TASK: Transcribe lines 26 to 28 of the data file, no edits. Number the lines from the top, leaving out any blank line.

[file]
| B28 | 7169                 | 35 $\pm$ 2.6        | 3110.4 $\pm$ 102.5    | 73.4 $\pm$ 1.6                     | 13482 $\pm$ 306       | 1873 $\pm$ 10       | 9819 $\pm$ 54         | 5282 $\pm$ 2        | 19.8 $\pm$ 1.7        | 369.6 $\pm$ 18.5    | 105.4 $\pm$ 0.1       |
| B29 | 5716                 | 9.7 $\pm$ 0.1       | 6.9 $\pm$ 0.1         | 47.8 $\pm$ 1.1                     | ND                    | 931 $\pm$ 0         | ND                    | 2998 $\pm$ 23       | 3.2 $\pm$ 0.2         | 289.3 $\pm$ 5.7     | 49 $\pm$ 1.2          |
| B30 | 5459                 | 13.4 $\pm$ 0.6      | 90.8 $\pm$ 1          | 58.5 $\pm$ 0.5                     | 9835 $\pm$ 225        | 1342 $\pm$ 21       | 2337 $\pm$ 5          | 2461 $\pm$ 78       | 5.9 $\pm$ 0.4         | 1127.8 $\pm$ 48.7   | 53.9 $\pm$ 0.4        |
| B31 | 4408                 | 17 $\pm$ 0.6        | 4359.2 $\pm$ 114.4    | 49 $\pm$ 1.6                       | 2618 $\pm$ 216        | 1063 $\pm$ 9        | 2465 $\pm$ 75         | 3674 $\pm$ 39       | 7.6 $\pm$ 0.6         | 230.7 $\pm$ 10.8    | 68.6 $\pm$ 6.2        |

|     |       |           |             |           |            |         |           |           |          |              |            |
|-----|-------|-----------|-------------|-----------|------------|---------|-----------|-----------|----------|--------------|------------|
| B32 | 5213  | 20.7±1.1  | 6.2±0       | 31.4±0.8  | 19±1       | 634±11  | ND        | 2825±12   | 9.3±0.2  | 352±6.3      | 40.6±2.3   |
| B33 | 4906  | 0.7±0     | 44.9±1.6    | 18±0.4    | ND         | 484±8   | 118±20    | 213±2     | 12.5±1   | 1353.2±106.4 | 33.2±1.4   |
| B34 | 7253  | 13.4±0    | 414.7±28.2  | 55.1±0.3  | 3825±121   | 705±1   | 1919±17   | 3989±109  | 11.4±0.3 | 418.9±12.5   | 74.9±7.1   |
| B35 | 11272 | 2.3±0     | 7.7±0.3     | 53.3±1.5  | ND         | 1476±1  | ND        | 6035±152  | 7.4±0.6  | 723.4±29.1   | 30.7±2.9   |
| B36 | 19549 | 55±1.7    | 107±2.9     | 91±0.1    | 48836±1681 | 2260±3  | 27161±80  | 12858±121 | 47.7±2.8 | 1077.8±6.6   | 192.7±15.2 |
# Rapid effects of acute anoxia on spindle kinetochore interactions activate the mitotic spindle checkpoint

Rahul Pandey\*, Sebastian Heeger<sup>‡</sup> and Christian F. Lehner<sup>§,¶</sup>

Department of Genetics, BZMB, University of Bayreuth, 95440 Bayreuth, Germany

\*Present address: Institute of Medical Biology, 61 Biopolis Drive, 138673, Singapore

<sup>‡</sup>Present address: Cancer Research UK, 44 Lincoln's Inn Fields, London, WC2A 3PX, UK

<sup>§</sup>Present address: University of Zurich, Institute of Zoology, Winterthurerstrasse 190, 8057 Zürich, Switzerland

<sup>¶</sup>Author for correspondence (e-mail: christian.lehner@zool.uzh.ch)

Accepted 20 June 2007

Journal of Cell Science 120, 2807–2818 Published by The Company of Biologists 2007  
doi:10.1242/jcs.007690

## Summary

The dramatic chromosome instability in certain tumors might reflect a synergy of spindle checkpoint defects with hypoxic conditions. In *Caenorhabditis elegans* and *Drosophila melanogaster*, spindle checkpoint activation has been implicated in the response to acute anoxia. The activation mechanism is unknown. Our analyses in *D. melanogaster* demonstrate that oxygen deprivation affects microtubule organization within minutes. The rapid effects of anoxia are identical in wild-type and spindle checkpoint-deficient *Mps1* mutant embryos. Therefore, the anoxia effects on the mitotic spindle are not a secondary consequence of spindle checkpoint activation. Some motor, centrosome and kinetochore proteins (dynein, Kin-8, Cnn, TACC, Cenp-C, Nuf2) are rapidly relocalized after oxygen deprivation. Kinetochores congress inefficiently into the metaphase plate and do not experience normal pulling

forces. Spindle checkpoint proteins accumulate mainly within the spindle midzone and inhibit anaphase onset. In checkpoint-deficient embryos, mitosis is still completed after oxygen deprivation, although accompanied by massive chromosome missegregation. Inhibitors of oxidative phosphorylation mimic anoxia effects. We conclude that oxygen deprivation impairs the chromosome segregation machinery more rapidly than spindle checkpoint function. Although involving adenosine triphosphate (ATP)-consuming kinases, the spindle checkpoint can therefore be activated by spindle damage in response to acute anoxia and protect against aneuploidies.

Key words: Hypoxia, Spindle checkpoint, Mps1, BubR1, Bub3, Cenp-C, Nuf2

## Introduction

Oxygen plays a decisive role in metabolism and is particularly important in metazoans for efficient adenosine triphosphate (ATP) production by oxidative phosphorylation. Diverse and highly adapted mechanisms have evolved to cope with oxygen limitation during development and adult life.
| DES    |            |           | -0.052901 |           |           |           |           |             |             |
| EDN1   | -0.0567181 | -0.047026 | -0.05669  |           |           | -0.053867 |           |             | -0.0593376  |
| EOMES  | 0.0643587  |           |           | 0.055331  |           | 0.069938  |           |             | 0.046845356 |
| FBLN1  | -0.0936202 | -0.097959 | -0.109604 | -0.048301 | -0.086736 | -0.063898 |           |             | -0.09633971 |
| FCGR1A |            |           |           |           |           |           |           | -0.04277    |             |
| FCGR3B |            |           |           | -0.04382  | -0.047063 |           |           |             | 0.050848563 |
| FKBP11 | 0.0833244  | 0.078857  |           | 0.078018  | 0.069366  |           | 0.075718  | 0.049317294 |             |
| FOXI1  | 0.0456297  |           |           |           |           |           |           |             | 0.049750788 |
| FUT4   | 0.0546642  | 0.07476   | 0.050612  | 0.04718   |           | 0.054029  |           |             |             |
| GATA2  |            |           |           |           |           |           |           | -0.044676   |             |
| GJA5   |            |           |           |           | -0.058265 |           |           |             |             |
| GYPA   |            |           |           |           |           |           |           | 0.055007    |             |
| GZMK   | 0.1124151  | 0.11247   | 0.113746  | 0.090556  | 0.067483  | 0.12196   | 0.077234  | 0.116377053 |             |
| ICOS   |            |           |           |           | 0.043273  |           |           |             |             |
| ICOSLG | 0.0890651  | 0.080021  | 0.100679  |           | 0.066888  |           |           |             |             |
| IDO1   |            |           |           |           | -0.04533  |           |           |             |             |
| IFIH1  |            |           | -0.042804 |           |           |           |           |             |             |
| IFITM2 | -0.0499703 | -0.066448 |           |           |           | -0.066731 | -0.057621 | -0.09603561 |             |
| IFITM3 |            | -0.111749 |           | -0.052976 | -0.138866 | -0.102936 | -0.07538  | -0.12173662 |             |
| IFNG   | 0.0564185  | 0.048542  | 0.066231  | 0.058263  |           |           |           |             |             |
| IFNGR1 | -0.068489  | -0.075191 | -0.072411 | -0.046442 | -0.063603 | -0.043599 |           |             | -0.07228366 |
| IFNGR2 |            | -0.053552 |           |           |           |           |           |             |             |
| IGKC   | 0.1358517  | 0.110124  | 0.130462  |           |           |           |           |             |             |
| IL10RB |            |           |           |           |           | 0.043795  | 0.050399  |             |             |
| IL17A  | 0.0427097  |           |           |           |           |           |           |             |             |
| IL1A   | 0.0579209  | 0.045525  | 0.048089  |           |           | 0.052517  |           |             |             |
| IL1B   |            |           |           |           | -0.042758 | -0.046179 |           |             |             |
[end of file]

## Introduction

Oxygen plays a decisive role in metabolism and is particularly important in metazoans for efficient adenosine triphosphate (ATP) production by oxidative phosphorylation. Diverse and highly adapted mechanisms have evolved to cope with oxygen limitation during development and adult life.
| DES    |            |           | -0.052901 |           |           |           |           |             |             |